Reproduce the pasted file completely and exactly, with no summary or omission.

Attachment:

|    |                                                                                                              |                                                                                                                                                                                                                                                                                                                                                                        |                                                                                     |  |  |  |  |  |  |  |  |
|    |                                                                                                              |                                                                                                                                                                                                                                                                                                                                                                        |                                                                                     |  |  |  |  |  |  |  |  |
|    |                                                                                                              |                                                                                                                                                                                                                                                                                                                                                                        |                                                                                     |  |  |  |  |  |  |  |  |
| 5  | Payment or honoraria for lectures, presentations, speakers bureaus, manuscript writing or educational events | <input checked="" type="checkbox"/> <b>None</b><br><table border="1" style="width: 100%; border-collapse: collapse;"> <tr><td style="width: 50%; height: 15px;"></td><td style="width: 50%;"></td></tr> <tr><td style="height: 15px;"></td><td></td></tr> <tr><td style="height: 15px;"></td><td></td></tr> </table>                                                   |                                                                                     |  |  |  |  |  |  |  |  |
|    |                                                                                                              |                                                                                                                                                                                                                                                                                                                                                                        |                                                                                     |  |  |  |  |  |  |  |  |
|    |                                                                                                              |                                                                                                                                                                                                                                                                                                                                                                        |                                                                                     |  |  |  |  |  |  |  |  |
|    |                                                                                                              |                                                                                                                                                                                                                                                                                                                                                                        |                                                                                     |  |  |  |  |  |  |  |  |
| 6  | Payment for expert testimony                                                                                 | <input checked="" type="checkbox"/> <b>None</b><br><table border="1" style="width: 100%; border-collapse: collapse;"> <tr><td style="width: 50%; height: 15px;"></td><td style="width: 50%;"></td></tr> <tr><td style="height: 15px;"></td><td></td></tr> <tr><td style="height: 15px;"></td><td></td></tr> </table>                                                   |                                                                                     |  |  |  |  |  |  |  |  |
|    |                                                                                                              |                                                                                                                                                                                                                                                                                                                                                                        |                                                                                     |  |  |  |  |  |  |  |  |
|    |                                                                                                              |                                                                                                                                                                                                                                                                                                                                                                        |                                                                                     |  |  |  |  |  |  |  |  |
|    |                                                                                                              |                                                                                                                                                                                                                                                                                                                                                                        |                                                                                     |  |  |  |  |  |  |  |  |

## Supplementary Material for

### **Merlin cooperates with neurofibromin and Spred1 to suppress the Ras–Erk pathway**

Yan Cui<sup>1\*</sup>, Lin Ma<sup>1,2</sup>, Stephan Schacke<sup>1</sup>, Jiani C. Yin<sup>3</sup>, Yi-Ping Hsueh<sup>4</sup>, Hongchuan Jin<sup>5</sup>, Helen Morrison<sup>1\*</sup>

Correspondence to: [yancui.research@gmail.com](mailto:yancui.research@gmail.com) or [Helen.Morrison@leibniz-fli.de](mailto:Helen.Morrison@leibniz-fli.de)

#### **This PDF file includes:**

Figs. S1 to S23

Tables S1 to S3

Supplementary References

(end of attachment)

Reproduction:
|    |                                                                                                              |                                                                                                                                                                                                                                                                                                                                                                        |                                                                                     |  |  |  |  |  |  |  |  |
|    |                                                                                                              |                                                                                                                                                                                                                                                                                                                                                                        |                                                                                     |  |  |  |  |  |  |  |  |
|    |                                                                                                              |                                                                                                                                                                                                                                                                                                                                                                        |                                                                                     |  |  |  |  |  |  |  |  |
| 5  | Payment or honoraria for lectures, presentations, speakers bureaus, manuscript writing or educational events | <input checked="" type="checkbox"/> <b>None</b><br><table border="1" style="width: 100%; border-collapse: collapse;"> <tr><td style="width: 50%; height: 15px;"></td><td style="width: 50%;"></td></tr> <tr><td style="height: 15px;"></td><td></td></tr> <tr><td style="height: 15px;"></td><td></td></tr> </table>                                                   |                                                                                     |  |  |  |  |  |  |  |  |
|    |                                                                                                              |                                                                                                                                                                                                                                                                                                                                                                        |                                                                                     |  |  |  |  |  |  |  |  |
|    |                                                                                                              |                                                                                                                                                                                                                                                                                                                                                                        |                                                                                     |  |  |  |  |  |  |  |  |
|    |                                                                                                              |                                                                                                                                                                                                                                                                                                                                                                        |                                                                                     |  |  |  |  |  |  |  |  |
| 6  | Payment for expert testimony                                                                                 | <input checked="" type="checkbox"/> <b>None</b><br><table border="1" style="width: 100%; border-collapse: collapse;"> <tr><td style="width: 50%; height: 15px;"></td><td style="width: 50%;"></td></tr> <tr><td style="height: 15px;"></td><td></td></tr> <tr><td style="height: 15px;"></td><td></td></tr> </table>                                                   |                                                                                     |  |  |  |  |  |  |  |  |
|    |                                                                                                              |                                                                                                                                                                                                                                                                                                                                                                        |                                                                                     |  |  |  |  |  |  |  |  |
|    |                                                                                                              |                                                                                                                                                                                                                                                                                                                                                                        |                                                                                     |  |  |  |  |  |  |  |  |
|    |                                                                                                              |                                                                                                                                                                                                                                                                                                                                                                        |                                                                                     |  |  |  |  |  |  |  |  |

## Supplementary Material for

### **Merlin cooperates with neurofibromin and Spred1 to suppress the Ras–Erk pathway**

Yan Cui<sup>1\*</sup>, Lin Ma<sup>1,2</sup>, Stephan Schacke<sup>1</sup>, Jiani C. Yin<sup>3</sup>, Yi-Ping Hsueh<sup>4</sup>, Hongchuan Jin<sup>5</sup>, Helen Morrison<sup>1\*</sup>

Correspondence to: [yancui.research@gmail.com](mailto:yancui.research@gmail.com) or [Helen.Morrison@leibniz-fli.de](mailto:Helen.Morrison@leibniz-fli.de)

#### **This PDF file includes:**

Figs. S1 to S23

Tables S1 to S3

Supplementary References